Experts Say Corporations Like Target Are Doing Wearable Challenges All Wrong

by Oct 9, 2015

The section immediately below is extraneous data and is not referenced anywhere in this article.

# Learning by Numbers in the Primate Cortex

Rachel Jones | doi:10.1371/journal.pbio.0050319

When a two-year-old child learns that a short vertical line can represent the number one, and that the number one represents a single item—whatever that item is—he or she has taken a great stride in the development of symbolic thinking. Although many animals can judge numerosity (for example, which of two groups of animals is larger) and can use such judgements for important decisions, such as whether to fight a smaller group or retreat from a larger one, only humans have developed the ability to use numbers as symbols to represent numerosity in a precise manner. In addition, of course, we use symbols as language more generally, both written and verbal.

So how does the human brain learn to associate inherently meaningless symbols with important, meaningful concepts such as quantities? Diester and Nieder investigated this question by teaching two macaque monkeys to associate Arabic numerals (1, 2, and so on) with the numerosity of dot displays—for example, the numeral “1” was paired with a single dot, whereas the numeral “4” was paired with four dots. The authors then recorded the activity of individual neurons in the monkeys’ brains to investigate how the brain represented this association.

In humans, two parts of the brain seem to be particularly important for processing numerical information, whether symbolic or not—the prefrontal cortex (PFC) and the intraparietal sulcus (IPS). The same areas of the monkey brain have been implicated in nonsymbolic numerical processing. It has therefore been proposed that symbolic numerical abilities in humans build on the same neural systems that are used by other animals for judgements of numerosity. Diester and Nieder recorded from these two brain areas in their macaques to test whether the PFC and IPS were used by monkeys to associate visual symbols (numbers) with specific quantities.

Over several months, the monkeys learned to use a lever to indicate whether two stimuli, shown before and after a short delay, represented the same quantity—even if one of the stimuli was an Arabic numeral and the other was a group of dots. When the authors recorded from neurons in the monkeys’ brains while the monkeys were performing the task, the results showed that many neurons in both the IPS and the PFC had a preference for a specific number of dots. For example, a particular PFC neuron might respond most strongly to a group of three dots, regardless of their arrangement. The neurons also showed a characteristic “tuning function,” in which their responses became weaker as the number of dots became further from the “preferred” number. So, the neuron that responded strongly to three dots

Jennifer Elias | Forbes In September, Target started a corporate wellness campaign by giving Fitbits to all of its 330,000 employees but wellness experts say companies like Target are missing the mark. Sonic Boom co-founder Danna Korn, who has run successful wellness campaigns reducing healthcare costs for companies like Toshiba , says giving all employees Fitbits with no personalization is “basically like handing someone a pair of running shoes and say okay, now here take up running and stick with it every single day for the rest of your life. Target’s system will clearly motivate the already healthy employees, but is completely irrelevant to the less-engaged employees who are not encouraged emotionally, mentally or socially.” She says by handing out devices such as Fitbits, companies like Target are assuming every employee is intrinsically motivated and wants to look at their stats every day. “But, that’s going to get really old for people who are not intrinsically motivated. They might do it for a month or two but it’s likely to get stuffed in an underwear drawer after the first few months.” Dr. Mitesh Patel, a University of Pennsylvania associate professor who has researched activity trackers told CNBC, “I do think there’s often a misconception that simply giving somebody a wearable device is going to make them more active, more healthy.” Though the intentions are noble, the execution is lazy, Korn says. “They have no idea how to execute and they’re getting caught up in the hype of Fitbit and other wearables that have such great PR engines that they’re saying, ‘it must be the answer’. But what they’re not thinking about is Fitbit is only a good solution for people who are intrinsically motivated.” She says companies like Target are making the mistake of treating corporate wellness like consumer wellness. “With corporate wellness, you’re often dealing with a lot of people who haven’t seen the inside of a gym for many years, if ever, and people who are not motivated,” she says. “Companies tell me ‘well I hear a lot about Fitbit and the people on the ads for Fitbit look really good’ so it must work. But that’s just not the right approach especially when it comes to corporate wellness.” Another problem, she says, is that Target’s plan ignored everything but physical activity. “That’s important, but what about nutrition, sleep, financial wellness and stress-reduction? All these other really important things they’ve ignored. Wellness is a lot bigger than physical activity.” For employees who don’t speak English as their first language or are considered low-income, the program is even less effective, Korn says. “Most people are offloading their Fitbits to a smartphone and you’re going to have a significant portion of the population who can’t afford the type of smartphone with BLE, which is needed to offload,” she says. “So you have a significant percentage that’s not going to get to play.” Most big companies are self-insured so the risk of not getting people healthier is that their healthcare costs will go up 20-25% a year which can be catastrophic, she says. “Corporate wellness can be extremely effective but if it’s a poorly-planned program, then, no, they’re not going to see any bend in that trend and they’re just going to continue to throw money at a program that’s ineffective.”

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